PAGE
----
In the realm of compliance and enforcement of values under Article 2 TEU, in particular of the rule of law, multiple solutions have been advanced by constitutional scholars. For instance, interesting to examine are the key academic proposals selected by Kochenov in this respect.
Although these academic endeavours may provide policymakers with good food for thought, none of them has formally ever been presented to the EU legislator or can claim to be at EU disposal in the narrow sense: they remain confined to the academic world.
Conversely, there is one proposal which stands out, for it has been presented under the Ordinary Legislative Procedure and at time of writing is to be voted upon by the Council.Following a EP’s Recommendation, amid discussions for the new Multiannual Financial Framework 2021-2027 and sharp criticism on the alleged inadequacy of the current sanctioning mechanisms for rule of law violations, on 3rd May 2018 the Commission put forward its ‘Proposal for a Regulation of the EP and of the Council on the protection of the Union’s budget in case of generalised deficiencies as regards the rule of law in the Member States’. Its main points and objectives are considered hereunder.
Linking sound financial management to the respect of the rule of law: a more effective sanctioning instrument proposed by the Commission?
As its name suggests, the proposed mechanism would take the form of a self-standing Regulation, based on Article 322(1)(a) TFEU, aimed at linking sound financial management and effective EU funding to the respect of the rule of law. Its ultimate purpose is to strengthen the EU budget and protect taxpayer’s money from financial risks linked to generalised deficiencies in the rule of law. The premise upon which the proposal is grounded is that only those Member States in which institutional impartiality is guaranteed, and there is an independent judiciary that upholds the rule of law, legal certainty and effective judicial protection pursuant to Article 19 TEU, can ultimately ensure that money from the EU budget is sufficiently protected. The clear relationship between respect for the rule of law and an efficient implementation of the Union budget is self-evident, since the former is a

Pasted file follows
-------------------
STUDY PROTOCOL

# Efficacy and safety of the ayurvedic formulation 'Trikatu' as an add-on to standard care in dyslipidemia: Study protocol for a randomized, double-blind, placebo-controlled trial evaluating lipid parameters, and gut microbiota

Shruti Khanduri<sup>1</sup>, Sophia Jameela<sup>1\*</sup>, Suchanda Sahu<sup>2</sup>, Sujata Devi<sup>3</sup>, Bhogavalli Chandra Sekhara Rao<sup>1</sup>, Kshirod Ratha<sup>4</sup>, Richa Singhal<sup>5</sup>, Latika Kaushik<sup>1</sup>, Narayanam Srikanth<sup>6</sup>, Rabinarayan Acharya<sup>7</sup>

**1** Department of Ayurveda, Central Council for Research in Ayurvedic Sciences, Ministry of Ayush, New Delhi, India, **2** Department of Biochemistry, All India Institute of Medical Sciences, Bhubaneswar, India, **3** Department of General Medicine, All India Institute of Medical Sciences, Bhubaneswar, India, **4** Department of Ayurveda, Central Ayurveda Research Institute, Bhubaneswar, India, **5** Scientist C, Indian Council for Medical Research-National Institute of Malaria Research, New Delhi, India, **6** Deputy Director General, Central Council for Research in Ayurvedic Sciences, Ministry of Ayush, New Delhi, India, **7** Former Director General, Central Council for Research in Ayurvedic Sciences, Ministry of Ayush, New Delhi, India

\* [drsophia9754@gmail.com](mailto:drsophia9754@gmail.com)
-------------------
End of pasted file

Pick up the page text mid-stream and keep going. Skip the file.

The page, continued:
precondition to comply with the principles of sound financial management enshrined in Article 317 TFEU.
Already under the current rules, a system of conditionalities obliges the Member States to show that their rules and procedures for financial management of EU money are safe and funding is protected from abuse and fraud. Under the new proposal, the EU would be allowed to suspend, reduce or restrict access to EU funding in a manner proportionate to the nature, gravity and scope of the rule of law deficiencies. The concept of ‘generalised deficiency as regards the rule of law’ is defined in Article 2(b) as ‘widespread or recurrent practices or omissions, or measure by public authorities which affect the rule of law’. It is striking to note that a few days ago, on the 4th April 2019, the EP amended this definition during the First Reading by adding that said deficiency ‘may also be the consequence of a systemic threat to the Union values enshrined in Article 2 TEU that affects or risks affecting the principles of sound financial management or the protection of the financial interests of the Union’.